One of themselves, a prophet of their own, said, “Cretans are always liars, evil beasts, lazy gluttons.” This testimony is true. For this reason reprove them severely so that they may be sound in the faith, not paying attention to Jewish myths and commandments of men who turn away from the truth.Titus 1:12-14
At one point in my sermon last Lord’s Day, I made a mistake. I said something to the effect that being a Cretin is someone you wouldn’t want to be, based on Titus 1. While this may be true, I confused the words Cretin and Cretan. There is a difference. A good friend (very kindly) pointed out the difference to me. (Thank you, sir!) Since I learned something, it seemed to me like a good opportunity to teach something. So, here you go:
Historically, “Cretan” not only referred to someone from Crete, but it was also used to describe someone of horrible morals. One historian, writing around 200 BC, said, “Now it would be impossible to find, except in some rare instances, personal conduct more treacherous or a public policy more unjust than in Crete.” Paul, in his letter to Titus, quotes a Cretan poet named Epimenides who comments rather harshly about his own people. He said, “All Cretans are liars.” Paul uses this statement to underscore the urgency and importance of Titus being in Crete to set things in order and appoint elders in every city. Crete needed (needs) the gospel of Jesus Christ.
The word Cretin, however, originally referred to a group of people who lived in the Swiss town of Sion, in the canton of Valais. These people, we now know, had congenital thyroid deficiencies resulting in physical deformities and learning difficulties. The other people of the area referred to them as Cretins. Rather than the insult the word has come to mean today, it the word originated from nothing less than the Latin word, Christianus, which means, “Christian.” Why did they use the word Christian? Likely, it is because the townsfolk of Sion were acknowledging that these simple people were not animals. They used a word that meant “Christian” in order to differentiate “human being” from “brute beast.” The people of Sion understood that the people stricken with the malady were human beings. Therefore, they called them a word that means Christian. I should add that the Cretins were tremendously respected and revered by the folk in Valais. One record states, “‘The Valaisians call them cretins, and consider them to be protecting angels sent by heaven.’ They are never criminal but of pleasant, simple disposition. ‘One should nearly wish to be a Cretin.’” (from a letter written in 1710)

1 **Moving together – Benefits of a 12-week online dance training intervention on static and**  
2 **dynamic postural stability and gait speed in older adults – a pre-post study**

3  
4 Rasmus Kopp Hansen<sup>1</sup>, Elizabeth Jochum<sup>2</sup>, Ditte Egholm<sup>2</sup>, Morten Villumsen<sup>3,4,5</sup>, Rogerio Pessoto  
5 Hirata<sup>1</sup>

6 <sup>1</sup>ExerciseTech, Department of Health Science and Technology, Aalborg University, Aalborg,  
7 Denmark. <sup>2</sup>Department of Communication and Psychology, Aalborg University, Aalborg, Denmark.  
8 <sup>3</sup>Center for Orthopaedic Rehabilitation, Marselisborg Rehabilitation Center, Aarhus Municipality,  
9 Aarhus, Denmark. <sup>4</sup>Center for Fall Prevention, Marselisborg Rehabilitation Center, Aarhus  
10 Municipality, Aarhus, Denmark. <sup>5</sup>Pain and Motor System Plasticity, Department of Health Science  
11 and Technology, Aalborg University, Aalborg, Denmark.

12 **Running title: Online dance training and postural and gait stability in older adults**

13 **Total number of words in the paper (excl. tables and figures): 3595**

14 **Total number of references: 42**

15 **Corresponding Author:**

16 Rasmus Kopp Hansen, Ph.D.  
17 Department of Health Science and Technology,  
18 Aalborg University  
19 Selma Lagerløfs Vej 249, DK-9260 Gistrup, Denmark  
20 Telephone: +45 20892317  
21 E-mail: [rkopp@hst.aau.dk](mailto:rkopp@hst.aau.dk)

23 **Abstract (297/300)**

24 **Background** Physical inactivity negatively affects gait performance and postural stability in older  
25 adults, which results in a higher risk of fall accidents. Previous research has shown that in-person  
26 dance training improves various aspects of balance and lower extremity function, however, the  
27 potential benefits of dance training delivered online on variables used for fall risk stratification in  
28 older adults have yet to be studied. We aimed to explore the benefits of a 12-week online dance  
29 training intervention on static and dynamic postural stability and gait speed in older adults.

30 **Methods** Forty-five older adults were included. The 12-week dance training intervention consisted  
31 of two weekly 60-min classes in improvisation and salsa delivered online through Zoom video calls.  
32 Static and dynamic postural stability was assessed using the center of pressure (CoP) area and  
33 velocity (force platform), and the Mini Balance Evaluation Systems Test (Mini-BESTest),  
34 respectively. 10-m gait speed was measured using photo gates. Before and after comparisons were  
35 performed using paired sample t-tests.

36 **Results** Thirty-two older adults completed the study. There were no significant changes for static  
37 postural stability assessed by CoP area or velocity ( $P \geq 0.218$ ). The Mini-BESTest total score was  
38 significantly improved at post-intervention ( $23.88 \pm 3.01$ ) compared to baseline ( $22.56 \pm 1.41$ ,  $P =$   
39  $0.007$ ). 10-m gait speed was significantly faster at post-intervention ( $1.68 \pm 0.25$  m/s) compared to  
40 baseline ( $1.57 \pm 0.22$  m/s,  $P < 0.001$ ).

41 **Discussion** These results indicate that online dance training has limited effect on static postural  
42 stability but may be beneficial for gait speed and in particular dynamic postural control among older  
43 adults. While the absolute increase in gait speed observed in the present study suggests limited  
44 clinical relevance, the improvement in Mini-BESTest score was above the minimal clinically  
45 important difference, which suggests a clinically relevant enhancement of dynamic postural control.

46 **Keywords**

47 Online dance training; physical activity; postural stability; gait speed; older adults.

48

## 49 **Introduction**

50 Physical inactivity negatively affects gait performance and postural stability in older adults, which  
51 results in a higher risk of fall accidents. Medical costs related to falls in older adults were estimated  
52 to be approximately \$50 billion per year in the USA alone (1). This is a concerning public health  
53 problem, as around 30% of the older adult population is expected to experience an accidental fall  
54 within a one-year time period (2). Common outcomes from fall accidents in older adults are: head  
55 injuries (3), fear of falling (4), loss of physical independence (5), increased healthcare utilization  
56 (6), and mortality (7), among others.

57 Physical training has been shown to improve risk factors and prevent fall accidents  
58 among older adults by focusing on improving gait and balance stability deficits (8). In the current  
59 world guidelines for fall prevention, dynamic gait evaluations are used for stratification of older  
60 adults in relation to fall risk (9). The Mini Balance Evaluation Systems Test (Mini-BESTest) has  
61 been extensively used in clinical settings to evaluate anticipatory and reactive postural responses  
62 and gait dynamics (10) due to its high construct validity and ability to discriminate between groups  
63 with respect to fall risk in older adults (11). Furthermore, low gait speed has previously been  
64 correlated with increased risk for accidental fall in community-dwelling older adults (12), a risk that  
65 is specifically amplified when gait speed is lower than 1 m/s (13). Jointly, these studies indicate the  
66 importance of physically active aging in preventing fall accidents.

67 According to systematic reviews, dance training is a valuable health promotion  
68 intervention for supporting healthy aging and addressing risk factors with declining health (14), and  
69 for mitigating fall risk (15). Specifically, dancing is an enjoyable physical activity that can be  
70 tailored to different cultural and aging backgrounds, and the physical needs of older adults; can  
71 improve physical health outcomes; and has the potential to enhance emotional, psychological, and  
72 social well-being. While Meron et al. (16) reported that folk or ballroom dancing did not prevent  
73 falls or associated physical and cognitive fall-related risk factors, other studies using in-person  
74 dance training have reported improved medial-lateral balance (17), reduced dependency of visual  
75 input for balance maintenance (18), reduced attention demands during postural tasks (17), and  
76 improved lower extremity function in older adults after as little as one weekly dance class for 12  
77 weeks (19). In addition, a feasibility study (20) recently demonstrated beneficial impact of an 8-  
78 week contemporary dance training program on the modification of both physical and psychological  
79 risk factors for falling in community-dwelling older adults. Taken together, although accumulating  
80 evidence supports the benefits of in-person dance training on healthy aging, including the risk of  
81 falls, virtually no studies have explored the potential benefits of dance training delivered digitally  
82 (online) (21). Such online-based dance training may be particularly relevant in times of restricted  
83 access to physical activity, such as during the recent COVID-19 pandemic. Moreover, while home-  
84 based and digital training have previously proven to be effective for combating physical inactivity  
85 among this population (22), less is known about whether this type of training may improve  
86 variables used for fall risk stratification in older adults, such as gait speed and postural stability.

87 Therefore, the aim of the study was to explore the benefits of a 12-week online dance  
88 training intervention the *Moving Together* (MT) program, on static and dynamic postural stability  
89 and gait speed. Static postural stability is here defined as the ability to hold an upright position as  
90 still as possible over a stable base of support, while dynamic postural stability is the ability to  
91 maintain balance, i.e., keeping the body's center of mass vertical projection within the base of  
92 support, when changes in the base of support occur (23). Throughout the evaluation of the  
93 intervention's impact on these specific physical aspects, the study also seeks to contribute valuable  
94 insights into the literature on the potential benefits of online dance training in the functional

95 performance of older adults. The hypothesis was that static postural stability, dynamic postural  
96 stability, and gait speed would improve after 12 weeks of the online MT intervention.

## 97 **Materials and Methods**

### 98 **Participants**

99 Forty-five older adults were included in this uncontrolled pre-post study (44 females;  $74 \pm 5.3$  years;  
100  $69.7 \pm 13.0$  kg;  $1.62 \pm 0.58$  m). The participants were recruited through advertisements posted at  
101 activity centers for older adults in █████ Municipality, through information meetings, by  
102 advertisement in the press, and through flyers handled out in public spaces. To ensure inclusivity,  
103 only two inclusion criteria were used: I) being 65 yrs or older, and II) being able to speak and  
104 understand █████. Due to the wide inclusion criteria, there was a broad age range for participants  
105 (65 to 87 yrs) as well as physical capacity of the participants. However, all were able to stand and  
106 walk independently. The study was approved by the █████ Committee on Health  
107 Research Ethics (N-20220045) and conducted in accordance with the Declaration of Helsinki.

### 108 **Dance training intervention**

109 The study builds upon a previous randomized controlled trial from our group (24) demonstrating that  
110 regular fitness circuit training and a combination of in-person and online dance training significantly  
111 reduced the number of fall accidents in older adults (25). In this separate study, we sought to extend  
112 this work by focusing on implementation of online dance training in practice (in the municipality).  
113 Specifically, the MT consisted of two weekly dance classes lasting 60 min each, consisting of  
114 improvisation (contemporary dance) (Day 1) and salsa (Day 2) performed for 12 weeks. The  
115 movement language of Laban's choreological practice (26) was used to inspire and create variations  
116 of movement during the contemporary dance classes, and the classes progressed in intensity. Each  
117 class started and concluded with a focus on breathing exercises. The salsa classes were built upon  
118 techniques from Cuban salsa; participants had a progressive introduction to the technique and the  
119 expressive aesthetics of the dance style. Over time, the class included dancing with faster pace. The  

Isn’t it striking how sin and hate (and sinful and hateful people) can take a word and make it mean something completely different than what it originally meant? Sin and hate abound in our fallen estate. All this seems to underscore the importance and urgency of Paul’s sending Titus to Crete. The darkness of evil and hatred are rampant in this estate of sin and misery. As it was and is in Crete, so it is now wherever you are. It is for this reason that God sends forth his church into darkness. We are the pillar and ground of the truth (1 Tim. 3:15). Being grounded in Jesus, who is the Truth, we lift up the majesty, mercy, and love of the Savior. We unashamedly proclaim and live out the gospel of Christ, knowing that “The Light shines in the darkness, and the darkness has not overcome it.” (John 1:5) May the Light of the world be pleased to shine on you and in you, just as He shined for you.
Soli Deo Gloria